November is recognized as National American Indian Heritage Month! The Library of Congress, National Archives and Records Administration, National Endowment for the Humanities, National Gallery of Art, National Park Service, Smithsonian Institution and United States Holocaust Memorial Museum join in paying tribute to the rich ancestry and traditions of Native Americans.
This year, Moundville Archaeological Park is celebrating Native American Heritage Month with an exhibit, a 5K race, a basketry activity, an astronomy night, and an American Indian Film Festival!
Join Moundville Archaeological Park’s celebration of Native American Heritage Month by visiting the Millennia of Movement exhibit from November 1st – December 17th, located at the Intercultural Diversity Center at the UA Student Center, Room 2100.
The exhibit explores the idea of movement in and on cultural landscapes, using ancient and contemporary Native American examples from the Southeast. This through-line from the past to the present will highlight the dynamic and enduring Native connection to vast natural landscapes. It will engage visitors by answering broad questions such as what types of things move and moved on these landscapes (objects, ideas, people) , how do/did they move on landscapes (water travel, roads/paths, oral communication), and why do/did they move in these ways (subsistence, power, religion, wealth, and most importantly, identity). It will highlight archaeologically identified examples of movement such as trade, exchange, and the movement of ideas through symbols we call iconography. It will also highlight contemporary Southeastern cultures, many displaced involuntarily during the Indian Removal period. Here, we will still focus on the persistence of identity and culture between tribes removed to Oklahoma and elsewhere, and those that remained in traditional regions. These include the Choctaw, Cherokee, Chickasaw, and Creek among others.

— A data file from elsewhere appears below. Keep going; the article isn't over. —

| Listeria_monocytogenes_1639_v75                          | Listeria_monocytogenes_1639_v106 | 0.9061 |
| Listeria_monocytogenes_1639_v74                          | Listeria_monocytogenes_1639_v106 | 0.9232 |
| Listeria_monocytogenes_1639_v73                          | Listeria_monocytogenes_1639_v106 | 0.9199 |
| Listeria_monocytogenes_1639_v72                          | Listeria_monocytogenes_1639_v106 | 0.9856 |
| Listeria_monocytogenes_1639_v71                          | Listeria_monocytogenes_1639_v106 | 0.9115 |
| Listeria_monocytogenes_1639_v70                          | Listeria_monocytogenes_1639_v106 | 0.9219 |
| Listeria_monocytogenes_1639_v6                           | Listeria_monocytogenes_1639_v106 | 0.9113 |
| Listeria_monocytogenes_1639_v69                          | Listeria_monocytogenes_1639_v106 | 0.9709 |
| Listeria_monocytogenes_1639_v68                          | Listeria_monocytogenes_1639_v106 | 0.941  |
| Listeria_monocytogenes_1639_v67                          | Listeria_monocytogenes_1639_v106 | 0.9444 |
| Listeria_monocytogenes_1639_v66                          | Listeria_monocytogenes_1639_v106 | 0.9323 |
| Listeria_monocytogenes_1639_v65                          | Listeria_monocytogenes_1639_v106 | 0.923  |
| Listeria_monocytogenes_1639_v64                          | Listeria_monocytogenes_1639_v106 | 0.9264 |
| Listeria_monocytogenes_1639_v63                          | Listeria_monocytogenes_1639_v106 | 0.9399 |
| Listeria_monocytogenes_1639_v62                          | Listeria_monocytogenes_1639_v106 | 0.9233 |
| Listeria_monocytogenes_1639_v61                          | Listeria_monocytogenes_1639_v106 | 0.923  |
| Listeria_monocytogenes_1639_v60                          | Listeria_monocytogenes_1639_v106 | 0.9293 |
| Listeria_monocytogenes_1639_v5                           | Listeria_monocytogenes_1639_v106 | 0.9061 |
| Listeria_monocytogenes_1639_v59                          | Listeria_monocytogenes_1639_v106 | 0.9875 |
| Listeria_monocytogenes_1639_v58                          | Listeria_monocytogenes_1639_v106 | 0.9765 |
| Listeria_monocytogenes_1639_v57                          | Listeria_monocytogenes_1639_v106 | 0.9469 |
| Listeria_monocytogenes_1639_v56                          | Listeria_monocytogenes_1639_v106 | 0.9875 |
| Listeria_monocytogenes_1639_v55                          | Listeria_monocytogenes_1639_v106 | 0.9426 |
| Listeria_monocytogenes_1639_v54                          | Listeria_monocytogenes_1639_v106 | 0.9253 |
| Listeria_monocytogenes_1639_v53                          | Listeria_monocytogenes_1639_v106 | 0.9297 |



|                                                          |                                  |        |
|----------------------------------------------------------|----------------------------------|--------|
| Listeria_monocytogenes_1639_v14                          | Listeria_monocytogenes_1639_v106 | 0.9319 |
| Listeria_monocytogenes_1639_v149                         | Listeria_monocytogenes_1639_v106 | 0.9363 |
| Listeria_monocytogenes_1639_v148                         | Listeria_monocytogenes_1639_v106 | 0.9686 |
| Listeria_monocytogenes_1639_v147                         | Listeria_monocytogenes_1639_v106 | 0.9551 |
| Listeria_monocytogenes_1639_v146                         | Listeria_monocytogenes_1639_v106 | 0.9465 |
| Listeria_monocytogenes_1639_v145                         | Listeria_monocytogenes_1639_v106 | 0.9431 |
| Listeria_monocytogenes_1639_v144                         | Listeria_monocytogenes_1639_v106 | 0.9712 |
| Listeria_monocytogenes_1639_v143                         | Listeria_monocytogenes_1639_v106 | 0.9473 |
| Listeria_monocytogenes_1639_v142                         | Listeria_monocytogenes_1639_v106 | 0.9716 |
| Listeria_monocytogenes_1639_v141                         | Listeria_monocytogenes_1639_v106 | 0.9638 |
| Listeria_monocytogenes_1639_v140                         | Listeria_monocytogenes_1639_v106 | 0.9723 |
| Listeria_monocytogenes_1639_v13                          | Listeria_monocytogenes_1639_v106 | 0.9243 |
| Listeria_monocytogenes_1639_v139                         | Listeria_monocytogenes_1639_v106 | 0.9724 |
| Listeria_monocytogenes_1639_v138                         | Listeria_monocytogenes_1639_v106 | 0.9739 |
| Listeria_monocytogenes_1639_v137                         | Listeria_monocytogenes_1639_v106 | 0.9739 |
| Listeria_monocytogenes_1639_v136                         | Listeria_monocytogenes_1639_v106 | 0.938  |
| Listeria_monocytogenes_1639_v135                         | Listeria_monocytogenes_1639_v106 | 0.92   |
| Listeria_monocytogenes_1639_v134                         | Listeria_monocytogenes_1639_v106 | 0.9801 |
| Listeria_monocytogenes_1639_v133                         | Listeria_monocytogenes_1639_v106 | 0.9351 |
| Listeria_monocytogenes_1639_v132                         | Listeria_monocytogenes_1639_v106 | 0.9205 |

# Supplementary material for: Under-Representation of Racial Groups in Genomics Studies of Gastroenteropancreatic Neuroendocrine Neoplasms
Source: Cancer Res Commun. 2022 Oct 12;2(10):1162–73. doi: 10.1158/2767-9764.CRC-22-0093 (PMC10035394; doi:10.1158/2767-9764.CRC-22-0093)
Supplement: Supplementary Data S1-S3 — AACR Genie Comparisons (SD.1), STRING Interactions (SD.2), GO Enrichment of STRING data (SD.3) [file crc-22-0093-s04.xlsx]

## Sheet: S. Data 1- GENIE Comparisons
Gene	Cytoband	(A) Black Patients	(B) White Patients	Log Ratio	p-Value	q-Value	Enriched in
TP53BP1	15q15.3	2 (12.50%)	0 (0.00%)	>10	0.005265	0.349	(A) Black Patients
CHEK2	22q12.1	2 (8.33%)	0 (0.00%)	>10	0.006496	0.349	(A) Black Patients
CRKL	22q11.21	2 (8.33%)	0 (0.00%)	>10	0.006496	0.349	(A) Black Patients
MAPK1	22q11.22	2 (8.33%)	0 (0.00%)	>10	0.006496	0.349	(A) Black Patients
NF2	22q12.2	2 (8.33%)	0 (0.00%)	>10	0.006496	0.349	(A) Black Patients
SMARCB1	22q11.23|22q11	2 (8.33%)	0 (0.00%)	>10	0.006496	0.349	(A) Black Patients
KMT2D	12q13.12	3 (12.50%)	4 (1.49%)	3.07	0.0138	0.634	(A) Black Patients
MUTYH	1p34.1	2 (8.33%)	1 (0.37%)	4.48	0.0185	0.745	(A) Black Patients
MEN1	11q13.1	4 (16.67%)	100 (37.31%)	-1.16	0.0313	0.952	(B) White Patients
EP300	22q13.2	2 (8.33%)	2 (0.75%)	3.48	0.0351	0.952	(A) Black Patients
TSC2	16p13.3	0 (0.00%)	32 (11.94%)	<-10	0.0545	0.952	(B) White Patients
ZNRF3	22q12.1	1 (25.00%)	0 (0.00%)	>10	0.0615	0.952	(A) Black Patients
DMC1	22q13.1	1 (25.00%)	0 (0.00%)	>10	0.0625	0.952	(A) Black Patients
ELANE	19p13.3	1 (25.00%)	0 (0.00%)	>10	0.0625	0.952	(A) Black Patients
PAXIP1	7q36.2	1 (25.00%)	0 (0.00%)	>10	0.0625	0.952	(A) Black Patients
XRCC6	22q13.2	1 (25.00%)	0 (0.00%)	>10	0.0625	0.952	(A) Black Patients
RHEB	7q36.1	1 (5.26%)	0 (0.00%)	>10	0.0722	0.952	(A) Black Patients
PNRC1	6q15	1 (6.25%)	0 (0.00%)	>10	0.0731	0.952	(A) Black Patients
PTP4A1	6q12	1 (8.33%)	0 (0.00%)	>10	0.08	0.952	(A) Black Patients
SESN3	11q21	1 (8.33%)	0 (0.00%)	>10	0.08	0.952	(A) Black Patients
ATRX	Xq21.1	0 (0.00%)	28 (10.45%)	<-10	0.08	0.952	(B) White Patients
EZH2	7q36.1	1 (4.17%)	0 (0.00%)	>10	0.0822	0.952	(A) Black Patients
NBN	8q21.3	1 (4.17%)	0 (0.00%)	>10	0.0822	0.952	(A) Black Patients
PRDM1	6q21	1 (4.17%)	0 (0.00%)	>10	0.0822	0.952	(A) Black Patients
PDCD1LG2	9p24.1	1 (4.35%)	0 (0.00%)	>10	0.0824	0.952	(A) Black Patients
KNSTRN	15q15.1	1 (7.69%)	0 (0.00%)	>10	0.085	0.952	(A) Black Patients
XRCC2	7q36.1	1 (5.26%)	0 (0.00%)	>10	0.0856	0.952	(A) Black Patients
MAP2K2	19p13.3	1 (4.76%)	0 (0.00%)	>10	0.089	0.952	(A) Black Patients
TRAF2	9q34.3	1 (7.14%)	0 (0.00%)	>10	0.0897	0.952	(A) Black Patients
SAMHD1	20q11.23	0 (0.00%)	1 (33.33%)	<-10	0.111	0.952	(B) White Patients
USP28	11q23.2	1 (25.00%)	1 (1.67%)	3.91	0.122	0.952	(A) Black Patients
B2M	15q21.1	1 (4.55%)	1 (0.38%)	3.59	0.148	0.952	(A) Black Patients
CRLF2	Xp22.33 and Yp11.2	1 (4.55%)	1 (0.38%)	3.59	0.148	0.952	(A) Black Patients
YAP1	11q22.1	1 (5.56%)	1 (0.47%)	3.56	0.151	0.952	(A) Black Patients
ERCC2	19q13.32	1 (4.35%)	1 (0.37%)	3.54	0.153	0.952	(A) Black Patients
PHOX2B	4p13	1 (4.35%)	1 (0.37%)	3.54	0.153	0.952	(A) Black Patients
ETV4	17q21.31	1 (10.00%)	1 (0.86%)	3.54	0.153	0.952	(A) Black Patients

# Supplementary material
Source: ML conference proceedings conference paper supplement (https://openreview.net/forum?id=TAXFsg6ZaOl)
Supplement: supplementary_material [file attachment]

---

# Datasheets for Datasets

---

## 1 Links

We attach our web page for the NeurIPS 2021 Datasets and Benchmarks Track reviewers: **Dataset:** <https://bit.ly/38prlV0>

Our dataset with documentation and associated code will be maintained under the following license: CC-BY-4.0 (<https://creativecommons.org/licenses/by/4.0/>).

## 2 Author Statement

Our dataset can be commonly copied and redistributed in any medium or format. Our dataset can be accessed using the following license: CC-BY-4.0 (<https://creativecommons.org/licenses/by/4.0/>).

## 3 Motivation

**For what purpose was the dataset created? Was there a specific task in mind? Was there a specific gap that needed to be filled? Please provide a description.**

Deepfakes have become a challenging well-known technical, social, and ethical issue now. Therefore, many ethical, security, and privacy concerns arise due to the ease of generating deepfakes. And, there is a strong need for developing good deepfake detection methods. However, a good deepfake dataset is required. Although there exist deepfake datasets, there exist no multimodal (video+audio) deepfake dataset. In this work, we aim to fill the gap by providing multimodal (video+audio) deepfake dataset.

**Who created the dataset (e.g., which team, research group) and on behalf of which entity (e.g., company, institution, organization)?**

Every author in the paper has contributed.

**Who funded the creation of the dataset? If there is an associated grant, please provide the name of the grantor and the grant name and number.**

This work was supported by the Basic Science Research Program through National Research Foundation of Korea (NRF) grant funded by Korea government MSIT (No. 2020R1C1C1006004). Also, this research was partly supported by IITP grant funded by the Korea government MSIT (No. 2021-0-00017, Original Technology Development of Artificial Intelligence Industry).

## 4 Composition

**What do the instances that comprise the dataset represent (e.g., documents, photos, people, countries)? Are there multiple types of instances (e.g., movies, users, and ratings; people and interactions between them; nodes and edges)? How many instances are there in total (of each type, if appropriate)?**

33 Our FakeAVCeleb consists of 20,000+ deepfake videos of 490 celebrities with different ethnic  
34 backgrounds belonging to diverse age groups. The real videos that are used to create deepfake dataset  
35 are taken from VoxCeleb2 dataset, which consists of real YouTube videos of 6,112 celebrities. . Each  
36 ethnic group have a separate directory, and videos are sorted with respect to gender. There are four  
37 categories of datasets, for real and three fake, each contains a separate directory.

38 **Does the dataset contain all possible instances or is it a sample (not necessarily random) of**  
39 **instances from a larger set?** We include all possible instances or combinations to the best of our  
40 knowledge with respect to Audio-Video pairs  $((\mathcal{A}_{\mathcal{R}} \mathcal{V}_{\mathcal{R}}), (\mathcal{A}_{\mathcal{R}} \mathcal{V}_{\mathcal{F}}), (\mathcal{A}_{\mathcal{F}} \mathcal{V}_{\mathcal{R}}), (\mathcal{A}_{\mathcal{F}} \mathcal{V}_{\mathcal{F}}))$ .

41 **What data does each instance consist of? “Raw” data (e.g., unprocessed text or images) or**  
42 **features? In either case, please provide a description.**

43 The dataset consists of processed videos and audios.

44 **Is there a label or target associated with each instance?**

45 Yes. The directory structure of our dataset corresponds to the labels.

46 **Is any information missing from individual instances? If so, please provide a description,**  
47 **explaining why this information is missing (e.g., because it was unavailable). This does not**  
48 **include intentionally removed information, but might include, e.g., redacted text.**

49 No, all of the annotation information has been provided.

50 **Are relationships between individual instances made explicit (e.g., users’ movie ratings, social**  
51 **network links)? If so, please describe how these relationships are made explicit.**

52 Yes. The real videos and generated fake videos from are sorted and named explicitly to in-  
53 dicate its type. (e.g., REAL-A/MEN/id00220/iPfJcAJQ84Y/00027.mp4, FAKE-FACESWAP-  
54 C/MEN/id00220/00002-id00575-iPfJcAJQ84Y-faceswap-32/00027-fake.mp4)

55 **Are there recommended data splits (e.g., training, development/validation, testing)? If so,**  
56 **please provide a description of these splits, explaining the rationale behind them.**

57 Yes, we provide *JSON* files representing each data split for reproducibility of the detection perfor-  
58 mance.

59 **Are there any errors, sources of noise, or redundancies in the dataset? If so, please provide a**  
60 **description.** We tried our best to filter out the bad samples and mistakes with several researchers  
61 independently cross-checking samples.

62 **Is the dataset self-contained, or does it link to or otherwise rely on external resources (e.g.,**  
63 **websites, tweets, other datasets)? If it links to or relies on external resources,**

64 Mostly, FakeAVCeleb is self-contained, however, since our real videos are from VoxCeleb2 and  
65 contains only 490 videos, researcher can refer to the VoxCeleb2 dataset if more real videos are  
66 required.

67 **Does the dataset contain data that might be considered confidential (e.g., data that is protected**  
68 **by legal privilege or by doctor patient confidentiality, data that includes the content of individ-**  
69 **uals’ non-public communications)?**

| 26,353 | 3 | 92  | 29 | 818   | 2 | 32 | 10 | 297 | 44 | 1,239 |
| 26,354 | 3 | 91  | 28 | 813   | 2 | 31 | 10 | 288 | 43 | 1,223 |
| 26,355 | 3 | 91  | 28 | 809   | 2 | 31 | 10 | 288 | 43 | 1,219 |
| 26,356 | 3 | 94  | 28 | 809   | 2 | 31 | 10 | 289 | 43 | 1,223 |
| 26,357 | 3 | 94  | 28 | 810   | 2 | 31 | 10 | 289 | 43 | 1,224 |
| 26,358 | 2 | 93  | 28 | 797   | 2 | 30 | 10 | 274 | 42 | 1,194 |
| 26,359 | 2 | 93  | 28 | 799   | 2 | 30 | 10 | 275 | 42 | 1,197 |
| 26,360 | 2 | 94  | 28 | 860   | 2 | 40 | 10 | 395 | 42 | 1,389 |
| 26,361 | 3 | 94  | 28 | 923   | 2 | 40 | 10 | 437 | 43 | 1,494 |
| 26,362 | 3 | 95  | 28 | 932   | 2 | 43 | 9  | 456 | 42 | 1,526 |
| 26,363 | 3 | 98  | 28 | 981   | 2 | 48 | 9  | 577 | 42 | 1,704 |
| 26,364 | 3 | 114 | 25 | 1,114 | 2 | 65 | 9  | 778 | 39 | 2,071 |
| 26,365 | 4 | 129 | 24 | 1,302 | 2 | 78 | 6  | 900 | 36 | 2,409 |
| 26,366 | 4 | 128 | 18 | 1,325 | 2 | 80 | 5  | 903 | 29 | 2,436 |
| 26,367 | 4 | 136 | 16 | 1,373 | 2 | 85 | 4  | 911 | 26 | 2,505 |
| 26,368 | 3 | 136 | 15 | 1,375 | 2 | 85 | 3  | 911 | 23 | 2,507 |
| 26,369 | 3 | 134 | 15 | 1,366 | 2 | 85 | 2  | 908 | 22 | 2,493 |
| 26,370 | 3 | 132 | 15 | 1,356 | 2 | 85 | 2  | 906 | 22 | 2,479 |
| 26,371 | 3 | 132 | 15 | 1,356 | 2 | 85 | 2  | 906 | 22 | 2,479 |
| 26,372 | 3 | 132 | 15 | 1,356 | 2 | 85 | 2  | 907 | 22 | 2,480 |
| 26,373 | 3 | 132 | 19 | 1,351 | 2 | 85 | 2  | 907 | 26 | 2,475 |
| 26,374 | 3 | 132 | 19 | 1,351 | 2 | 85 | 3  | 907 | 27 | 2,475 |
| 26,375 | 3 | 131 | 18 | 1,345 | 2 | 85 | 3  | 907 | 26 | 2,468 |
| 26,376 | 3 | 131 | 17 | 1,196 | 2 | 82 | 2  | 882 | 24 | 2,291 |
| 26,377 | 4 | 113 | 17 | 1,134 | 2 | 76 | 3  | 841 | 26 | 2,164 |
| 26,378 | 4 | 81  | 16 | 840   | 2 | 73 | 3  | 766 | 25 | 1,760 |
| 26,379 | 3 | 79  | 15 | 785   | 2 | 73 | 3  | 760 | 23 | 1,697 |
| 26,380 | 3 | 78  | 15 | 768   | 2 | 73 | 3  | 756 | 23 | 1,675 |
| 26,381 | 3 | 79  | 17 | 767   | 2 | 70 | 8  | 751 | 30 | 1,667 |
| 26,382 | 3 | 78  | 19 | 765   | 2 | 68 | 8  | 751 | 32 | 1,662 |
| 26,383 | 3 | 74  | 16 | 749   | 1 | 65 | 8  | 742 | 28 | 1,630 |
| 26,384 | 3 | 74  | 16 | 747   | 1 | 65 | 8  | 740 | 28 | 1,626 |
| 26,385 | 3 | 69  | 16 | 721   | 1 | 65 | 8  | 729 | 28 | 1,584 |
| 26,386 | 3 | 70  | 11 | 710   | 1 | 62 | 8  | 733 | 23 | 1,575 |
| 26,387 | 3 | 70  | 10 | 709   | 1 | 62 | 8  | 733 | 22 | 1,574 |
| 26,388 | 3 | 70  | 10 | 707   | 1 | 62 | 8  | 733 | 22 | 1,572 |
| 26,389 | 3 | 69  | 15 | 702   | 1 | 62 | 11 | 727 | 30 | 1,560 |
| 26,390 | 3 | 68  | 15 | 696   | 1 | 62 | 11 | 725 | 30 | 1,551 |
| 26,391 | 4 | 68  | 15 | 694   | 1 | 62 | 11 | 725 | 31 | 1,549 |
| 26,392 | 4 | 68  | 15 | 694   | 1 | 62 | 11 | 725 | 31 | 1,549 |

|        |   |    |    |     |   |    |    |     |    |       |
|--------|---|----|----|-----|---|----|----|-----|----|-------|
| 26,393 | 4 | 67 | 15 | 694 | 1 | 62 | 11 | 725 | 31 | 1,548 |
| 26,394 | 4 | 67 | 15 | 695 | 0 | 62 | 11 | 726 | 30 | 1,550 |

John Brown from the Muscogee Nation will also be in the Intercultural Diversity Center on November 1-3 from 10:00 AM – 2:00 PM to interpret the canoe and other items that he has made for the exhibit.
Celebrate five years of the Moundville 5K Footrace with us! This year, we will celebrate in person for Native American Heritage Month! Whether you run or walk in Moundville Archaeological Park, the Moundville 5k Footrace is an ideal way to participate. Proceeds will go to the Moundville Education fund. Participants will receive a free t-shirt. This is a Tuscaloosa Track Club Grand Prix Event.
The Moundville 5K Footrace will take place on November 6, 2021 at 9:00 AM.
Badge Pick-Up starts at 8:30 AM.
- Register online!
- The Entry Fee is $25
Moundville Archaeological Park is located at 634 Mound State Parkway, Moundville, AL 35474-6413.
Masks MUST be worn inside the museum. Participants, please park at the Conference Center and walk towards the startline and registration table.
Runners Will Receive:
- Downloadable Finisher Certificate
- Race Bib
- Free Admission Into Moundville Archaeological Park
- A Curated YouTube Playlist of Tribal Artists
After your 5K is completed, make sure to share your experience with Moundville Archaeological Park on social media by using the hashtag: #Moundville5K
Stargazing at Moundville
Join us at Moundville Archaeological Park on November 9th 6:30 PM – 8:00 PM for stargazing and to learn about Native American history and culture. Many thanks to Dr. William Keel and The University of Alabama Astronomy Department for helping us host the night. Please park at Mound B.